To think about partition on its 70th anniversary is to think, unavoidably, about the extraordinary crisis in India today.
Ethnic cleansing killed or displaced tens of millions during Partition. There is no ethnic cleansing- even of Hindus in the Kashmir valley- today. Yet it is unavoidable for Mishra to link the two together. Why? Because he is stupid and has nothing new to say.

Salman Rushdie, expresses pessimism about India's future because
In the land of the sacred cow, people are being lynched for the “crime” of allegedly possessing or eating beef.
It doesn't occur to him that it would only be in a country where the cow is sacred that a beef eater would be in danger of lynching. I might well be lynched if I am suspected of having stolen and eaten a baby in any country where a baby's life is considered sacred. In order to safely chow down on little children, I would need to move to a country where the national dish is fricasseed toddler.

Kamila Shamsie, a Pakistani, writes
There was never a reckoning for the violence of partition; that would have got in the way of the narrative of a glorious independence. Instead it became easier to blame the other side for all the violence, and pretend that at the moment of inception both India and Pakistan didn’t wrap mass murder in a flag and hope no one would notice the blood stains.
The Indian National Congress opposed Partition. Its leadership did not instigate or condone ethnic cleansing. The Muslim League did instigate and condone ethnic cleansing to gain power. They never held elections to legitimise what they had done. All the blame goes to Pakistan which has wrapped mass murder in an Islamic flag. None attaches to India.

Mohsin Hamid, also Pakistani, writes-
 India is descending into an intolerant Hindu nationalism, apparently intent on imitating the religious chauvinism and suppression of dissent that have served Pakistan so poorly. In Pakistan, a moment where it seemed that the press might finally become free and elected civilian rulers might regularly complete their terms has passed.
 Does he really believe anyone can have the intention of imitating Pakistan? It didn't institute legislative checks and balances at inception and its judiciary was initially inclined to endorse a 'doctrine of necessity'. That does seem to have changed- the Pakistani Supreme Court showed extraordinary courage in confronting a Military Dictator. However, the Pakistani Press enjoys little protection from the ISI and its minions. Hamid, as a Muslim, is perfectly within his rights to detest Hindu nationalism. However, he must know he is deluding himself if he thinks anyone wants to emulate Pakistan.

Kiran Desai, too, has something to say. Unfortunately, this is the deeply self aggrandising way in which she commences her piece-
Every Saturday I suffer from a depression I call my Saturday depression. The main symptom of this is that when I look in the mirror I don’t see myself, I see a ghost. The sight of this ghost fills me with fear. I know this spectre is merely the cumulative result of one more week in one more year of many years of self-imposed isolation for the sake of a book I have been working on a long while.
I read no further.

In less precious vein, Siddharta Deb writes

How difficult was it, I thought when hearing my family talk about leaving Baniachang, for them to choose one kind of identity over another, in this case religion over language and culture?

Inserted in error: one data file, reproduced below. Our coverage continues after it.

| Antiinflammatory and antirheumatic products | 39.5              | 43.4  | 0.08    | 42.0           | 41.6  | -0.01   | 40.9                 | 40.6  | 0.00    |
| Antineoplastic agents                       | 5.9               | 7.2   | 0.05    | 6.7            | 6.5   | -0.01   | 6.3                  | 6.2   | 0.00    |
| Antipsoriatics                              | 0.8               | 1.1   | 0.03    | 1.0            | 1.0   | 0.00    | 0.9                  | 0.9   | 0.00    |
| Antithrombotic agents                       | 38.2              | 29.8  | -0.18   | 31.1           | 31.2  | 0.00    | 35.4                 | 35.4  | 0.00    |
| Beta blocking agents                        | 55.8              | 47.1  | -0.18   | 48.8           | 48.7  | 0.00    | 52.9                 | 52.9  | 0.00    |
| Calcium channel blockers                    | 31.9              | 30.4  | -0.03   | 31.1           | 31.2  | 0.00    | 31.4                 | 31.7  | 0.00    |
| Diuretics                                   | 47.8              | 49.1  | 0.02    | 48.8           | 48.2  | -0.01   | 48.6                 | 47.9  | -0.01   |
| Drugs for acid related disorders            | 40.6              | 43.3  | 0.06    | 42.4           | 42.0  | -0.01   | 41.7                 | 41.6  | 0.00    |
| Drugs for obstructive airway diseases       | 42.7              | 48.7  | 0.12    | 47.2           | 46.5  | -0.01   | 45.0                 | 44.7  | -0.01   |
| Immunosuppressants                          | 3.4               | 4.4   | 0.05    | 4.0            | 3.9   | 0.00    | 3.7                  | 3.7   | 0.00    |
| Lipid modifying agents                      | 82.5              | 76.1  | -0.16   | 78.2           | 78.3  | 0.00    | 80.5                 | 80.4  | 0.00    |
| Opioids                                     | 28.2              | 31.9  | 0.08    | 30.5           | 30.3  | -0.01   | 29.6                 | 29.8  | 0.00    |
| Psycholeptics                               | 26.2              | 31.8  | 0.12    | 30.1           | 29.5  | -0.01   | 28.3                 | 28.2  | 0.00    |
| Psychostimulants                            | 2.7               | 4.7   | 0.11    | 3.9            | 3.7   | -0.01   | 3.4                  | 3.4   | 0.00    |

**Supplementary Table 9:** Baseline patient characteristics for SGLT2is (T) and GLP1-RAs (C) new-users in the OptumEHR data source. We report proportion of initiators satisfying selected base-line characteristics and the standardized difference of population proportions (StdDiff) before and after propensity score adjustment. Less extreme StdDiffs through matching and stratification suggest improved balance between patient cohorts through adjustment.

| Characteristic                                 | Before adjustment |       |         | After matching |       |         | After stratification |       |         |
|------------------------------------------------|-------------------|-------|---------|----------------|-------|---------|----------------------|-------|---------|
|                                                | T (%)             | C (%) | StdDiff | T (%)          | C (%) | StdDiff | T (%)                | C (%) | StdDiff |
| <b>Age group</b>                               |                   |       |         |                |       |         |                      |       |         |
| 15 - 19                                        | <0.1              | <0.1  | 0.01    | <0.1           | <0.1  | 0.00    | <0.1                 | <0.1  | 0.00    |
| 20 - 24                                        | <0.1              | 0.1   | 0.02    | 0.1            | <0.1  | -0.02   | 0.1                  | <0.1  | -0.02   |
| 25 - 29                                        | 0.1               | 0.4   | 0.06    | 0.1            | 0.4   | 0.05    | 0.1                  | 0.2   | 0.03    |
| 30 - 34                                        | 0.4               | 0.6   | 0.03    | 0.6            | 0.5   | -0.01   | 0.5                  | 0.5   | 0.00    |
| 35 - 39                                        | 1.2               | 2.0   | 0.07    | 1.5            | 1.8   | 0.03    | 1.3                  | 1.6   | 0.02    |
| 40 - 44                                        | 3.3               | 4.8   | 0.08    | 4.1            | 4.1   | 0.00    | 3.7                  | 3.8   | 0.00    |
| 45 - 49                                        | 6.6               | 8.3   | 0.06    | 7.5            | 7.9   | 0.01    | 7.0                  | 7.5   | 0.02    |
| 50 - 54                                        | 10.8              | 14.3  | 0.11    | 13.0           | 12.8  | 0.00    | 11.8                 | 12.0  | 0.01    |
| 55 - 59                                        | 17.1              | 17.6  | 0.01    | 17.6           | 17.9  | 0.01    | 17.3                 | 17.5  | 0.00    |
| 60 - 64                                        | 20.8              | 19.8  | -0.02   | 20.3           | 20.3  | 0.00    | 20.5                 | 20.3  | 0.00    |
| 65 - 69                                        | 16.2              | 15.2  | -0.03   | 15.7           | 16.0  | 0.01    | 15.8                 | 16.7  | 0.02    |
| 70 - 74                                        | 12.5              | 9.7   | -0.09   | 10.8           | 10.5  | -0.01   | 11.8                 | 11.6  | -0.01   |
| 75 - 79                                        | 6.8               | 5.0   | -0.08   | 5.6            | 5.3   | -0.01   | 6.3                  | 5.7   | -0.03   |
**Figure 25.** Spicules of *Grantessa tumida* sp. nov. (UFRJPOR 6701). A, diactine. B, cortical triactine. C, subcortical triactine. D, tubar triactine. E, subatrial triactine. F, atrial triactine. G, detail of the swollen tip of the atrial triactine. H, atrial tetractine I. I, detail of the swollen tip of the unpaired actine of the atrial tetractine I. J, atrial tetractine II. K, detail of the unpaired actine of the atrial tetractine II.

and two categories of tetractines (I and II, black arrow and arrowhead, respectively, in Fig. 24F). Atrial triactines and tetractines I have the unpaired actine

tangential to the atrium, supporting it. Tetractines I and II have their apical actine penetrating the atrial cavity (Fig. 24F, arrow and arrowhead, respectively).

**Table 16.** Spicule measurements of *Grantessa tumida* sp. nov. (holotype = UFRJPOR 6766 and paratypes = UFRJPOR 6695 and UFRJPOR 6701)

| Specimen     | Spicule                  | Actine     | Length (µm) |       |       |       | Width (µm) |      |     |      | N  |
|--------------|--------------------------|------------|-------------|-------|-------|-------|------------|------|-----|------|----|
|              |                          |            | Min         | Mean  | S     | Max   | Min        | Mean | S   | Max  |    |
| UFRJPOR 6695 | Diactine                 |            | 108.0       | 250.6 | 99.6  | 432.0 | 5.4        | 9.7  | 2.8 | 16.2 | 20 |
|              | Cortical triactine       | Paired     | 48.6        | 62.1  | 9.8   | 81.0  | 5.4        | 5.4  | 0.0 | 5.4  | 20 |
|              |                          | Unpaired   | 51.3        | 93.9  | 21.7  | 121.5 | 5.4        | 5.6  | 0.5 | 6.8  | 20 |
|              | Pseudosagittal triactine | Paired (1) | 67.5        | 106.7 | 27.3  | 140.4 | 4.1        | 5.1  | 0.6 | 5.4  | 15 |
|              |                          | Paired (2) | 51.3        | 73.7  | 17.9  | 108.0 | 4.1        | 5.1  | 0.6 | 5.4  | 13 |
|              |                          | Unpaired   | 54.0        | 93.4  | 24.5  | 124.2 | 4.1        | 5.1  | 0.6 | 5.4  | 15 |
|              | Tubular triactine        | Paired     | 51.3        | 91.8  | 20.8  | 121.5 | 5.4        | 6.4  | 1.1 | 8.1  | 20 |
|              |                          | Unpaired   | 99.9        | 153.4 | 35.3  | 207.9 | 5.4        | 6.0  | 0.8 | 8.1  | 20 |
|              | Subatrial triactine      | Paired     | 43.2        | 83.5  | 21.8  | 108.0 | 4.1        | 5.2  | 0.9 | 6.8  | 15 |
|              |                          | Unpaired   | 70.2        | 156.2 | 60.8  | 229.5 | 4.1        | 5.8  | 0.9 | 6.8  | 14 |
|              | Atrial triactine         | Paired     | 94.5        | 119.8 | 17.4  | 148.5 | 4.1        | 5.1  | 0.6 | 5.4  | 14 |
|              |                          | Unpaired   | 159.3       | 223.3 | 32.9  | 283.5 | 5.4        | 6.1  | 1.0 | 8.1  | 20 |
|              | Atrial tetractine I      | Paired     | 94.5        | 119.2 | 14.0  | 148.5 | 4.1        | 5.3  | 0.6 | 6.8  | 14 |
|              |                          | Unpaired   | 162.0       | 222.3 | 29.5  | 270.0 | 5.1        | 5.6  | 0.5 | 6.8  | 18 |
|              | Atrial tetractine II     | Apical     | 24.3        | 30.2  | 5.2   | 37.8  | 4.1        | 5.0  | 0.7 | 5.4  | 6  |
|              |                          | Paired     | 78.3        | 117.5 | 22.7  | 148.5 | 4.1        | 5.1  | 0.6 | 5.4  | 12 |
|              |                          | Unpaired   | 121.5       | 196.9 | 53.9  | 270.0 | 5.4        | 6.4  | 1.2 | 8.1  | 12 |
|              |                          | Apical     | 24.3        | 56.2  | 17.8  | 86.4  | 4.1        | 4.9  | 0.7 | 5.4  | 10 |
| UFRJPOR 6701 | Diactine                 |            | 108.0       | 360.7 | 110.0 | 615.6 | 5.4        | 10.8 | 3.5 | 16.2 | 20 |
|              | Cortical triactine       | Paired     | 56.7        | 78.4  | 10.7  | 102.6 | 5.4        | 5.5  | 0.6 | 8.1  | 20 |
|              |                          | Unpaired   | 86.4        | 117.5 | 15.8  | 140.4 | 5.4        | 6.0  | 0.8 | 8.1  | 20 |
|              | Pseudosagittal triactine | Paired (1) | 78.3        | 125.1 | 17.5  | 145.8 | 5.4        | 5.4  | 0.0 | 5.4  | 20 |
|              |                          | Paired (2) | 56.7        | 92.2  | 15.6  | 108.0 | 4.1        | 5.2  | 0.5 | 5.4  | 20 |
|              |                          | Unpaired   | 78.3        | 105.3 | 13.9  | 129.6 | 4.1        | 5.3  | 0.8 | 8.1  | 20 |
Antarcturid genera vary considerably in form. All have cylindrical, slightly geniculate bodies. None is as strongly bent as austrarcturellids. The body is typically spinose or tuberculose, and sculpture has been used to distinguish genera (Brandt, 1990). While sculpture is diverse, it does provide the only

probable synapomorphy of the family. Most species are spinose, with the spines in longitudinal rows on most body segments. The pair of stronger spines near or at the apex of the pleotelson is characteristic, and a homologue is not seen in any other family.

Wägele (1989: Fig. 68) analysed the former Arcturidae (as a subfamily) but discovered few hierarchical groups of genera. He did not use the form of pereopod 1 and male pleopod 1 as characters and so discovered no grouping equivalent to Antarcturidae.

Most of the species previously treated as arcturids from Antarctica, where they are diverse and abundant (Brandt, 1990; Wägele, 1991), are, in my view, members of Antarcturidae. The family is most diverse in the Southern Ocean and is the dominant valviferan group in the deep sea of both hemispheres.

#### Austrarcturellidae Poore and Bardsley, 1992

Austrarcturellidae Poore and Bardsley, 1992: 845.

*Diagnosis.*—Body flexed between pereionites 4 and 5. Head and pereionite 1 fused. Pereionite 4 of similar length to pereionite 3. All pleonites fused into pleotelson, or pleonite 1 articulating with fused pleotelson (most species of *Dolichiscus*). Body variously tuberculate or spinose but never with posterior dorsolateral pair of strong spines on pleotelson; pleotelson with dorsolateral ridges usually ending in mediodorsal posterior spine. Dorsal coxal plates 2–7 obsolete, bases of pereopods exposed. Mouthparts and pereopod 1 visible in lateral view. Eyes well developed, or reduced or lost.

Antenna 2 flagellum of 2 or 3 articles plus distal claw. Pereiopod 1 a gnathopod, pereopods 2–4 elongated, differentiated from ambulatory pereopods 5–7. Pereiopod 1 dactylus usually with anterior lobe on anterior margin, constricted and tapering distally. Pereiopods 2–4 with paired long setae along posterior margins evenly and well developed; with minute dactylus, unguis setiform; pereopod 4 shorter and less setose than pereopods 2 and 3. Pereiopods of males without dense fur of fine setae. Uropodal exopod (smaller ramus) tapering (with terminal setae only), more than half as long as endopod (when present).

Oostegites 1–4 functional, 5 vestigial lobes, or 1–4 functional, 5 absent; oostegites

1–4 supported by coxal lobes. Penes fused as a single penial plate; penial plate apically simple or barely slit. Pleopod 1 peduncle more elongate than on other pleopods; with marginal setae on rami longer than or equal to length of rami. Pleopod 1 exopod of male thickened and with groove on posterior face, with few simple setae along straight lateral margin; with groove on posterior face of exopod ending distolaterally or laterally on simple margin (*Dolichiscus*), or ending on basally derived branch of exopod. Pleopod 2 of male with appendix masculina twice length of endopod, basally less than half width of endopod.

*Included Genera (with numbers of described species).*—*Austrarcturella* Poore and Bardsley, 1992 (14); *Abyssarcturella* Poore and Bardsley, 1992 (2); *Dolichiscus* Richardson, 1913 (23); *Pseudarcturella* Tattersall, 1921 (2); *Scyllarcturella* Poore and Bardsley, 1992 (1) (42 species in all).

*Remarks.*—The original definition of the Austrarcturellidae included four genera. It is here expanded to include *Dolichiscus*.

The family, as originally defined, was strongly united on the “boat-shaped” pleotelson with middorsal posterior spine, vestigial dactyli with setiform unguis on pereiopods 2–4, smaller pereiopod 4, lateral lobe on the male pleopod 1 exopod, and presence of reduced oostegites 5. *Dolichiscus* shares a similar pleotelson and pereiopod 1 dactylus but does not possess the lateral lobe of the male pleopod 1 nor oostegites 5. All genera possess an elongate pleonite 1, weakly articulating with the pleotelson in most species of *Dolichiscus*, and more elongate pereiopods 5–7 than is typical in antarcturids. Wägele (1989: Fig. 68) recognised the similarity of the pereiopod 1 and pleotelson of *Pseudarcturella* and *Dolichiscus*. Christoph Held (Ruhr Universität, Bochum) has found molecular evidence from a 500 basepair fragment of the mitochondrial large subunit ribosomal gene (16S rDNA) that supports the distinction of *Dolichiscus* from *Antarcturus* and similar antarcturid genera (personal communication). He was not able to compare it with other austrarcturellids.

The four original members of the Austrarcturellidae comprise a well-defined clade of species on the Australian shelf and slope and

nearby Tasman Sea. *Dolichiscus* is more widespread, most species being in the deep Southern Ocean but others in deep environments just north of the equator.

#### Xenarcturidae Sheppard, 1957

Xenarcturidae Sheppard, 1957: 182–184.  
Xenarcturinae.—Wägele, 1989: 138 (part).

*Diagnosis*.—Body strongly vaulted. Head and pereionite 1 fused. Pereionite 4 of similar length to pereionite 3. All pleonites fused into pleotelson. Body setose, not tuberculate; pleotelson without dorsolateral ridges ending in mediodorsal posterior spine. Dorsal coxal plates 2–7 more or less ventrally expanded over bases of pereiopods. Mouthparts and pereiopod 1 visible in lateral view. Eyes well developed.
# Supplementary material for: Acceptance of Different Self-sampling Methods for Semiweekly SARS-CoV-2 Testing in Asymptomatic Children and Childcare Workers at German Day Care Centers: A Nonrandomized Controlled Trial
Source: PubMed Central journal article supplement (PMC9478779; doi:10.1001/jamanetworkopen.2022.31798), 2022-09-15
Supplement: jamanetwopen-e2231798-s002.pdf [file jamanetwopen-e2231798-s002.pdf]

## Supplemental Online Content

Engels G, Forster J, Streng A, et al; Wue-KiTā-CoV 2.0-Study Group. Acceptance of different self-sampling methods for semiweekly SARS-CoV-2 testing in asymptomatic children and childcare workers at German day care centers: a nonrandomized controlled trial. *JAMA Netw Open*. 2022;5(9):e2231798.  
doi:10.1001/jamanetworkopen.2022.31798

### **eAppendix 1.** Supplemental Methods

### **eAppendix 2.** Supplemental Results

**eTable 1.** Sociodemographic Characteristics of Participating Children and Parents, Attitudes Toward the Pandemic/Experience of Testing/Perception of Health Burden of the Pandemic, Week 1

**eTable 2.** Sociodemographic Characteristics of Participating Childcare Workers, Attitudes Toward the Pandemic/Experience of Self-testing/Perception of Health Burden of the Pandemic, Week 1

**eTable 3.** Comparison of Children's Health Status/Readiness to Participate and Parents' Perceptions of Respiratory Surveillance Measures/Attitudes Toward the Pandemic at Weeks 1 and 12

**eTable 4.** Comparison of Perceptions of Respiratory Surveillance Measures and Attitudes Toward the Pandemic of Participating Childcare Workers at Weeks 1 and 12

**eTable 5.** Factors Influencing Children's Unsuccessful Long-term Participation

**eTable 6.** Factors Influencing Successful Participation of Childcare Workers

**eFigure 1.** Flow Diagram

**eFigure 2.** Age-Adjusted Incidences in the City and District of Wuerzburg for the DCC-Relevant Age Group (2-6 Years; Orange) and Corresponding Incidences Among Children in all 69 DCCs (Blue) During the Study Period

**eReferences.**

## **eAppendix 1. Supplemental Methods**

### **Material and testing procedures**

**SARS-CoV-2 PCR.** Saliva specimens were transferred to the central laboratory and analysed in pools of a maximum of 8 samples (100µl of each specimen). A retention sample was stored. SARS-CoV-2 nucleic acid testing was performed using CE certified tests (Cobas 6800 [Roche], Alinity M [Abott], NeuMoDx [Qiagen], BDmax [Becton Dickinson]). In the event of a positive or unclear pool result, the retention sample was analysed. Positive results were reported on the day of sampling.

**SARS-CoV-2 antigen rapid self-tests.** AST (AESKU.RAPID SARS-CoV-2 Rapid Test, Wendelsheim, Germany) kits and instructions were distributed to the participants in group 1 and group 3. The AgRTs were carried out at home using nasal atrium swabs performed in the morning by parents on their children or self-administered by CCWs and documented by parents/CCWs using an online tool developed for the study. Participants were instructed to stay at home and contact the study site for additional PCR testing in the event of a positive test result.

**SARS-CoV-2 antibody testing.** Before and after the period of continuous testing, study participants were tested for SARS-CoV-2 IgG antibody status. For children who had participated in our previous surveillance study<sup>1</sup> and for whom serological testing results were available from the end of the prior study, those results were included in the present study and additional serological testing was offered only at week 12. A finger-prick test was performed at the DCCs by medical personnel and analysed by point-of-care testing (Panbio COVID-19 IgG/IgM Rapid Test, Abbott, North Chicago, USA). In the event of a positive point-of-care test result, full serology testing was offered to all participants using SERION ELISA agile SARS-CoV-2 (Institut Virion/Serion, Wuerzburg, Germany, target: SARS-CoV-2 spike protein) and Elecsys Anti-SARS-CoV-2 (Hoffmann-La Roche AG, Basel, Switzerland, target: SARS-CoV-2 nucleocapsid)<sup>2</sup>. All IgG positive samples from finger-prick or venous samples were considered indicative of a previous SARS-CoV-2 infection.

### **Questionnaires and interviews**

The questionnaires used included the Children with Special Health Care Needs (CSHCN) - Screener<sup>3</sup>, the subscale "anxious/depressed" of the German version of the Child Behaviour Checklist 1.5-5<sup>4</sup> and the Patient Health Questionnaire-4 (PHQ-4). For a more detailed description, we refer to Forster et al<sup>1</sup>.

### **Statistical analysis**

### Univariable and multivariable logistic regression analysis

Did his family really give up their Bangla language and culture in Shillong? Are they now fluent in Khasi? Have they converted to Christianity- the majority Religion in that city? No.

Deb tells us his family had a choice. They did- stay and get slaughtered or run away. They chose the wiser course.

Why did Deb's family have to run away from Sylhet? This is his answer-
The British and Indian elites making their new nations – men exemplified by the British viceroy, Louis Mountbatten, the future Indian prime minister, Jawaharlal Nehru, and his hardline Hindu nationalist deputy, Vallabhbhai Patel, the Indian industrialist and Gandhi patron GD Birla – were all in a hurry to force the process through.
Wow! Land hungry Muslim peasants did not kill Hindus. What happened was Birla bribed Patel and Mountbatten whose wife kept raping Nehru till he said 'enough already! Just Partition everything and leave me alone!'

There was no such thing as Suhraward's 'Direct Action Day' which happened before Mountbatten arrived. There was no Pirzada in Naokhali orchestrating ethnic cleaning. It was all the fault of some Hindu billionaire and some Hindu politicians and, of course, Queen Mountbatten.

Is Deb mad? He writes-
Seventy years after Partition, Toba Tek Singh’s defiant madness evokes freedom better than anything achieved by the supposedly rational nations that came out of that bloody process.
Judging by their pensées on Partition, collected by the Guardian here, South Asian writers in English are genuinely committed to outdoing Toba Tek Singh's Gramscian deconstruction of the nomological contradictions of neoliberal hegemonic practice under conditions of Capitalist catachresis.
To wit- 'Opad di gud gud di moong di dal di laltain'. Can South Asian writers- at least those who write in English- ever utter anything as sensible? No. Not if they want to get published or get quoted by the Guardian. Still, they continue to try. How else end the tyranny of Modi's genocidal regime?

Friday, 4 August 2017

A panegyric on Arvind Panagariya

That not Sen-tentious Chronos but Thy Bhagwati's Kairos govern Ind's Oikonomia
The former, a but Navya-Nyaya Availability Cascade of spurious Akribeia
The latter, Aayog's new Niti as univocal, incentive compatible, Riti
Let Vivek praise thy vivek of kshana sampatti Panagariya!

Envoi- 
Prince! Chrematistics is heartless, its instance, as Wealth, so fraught a delusion
Work as Force times not Distance is the lonely Heart's only solution.

Christophe Jaffrelot on UK Caste discrimination Law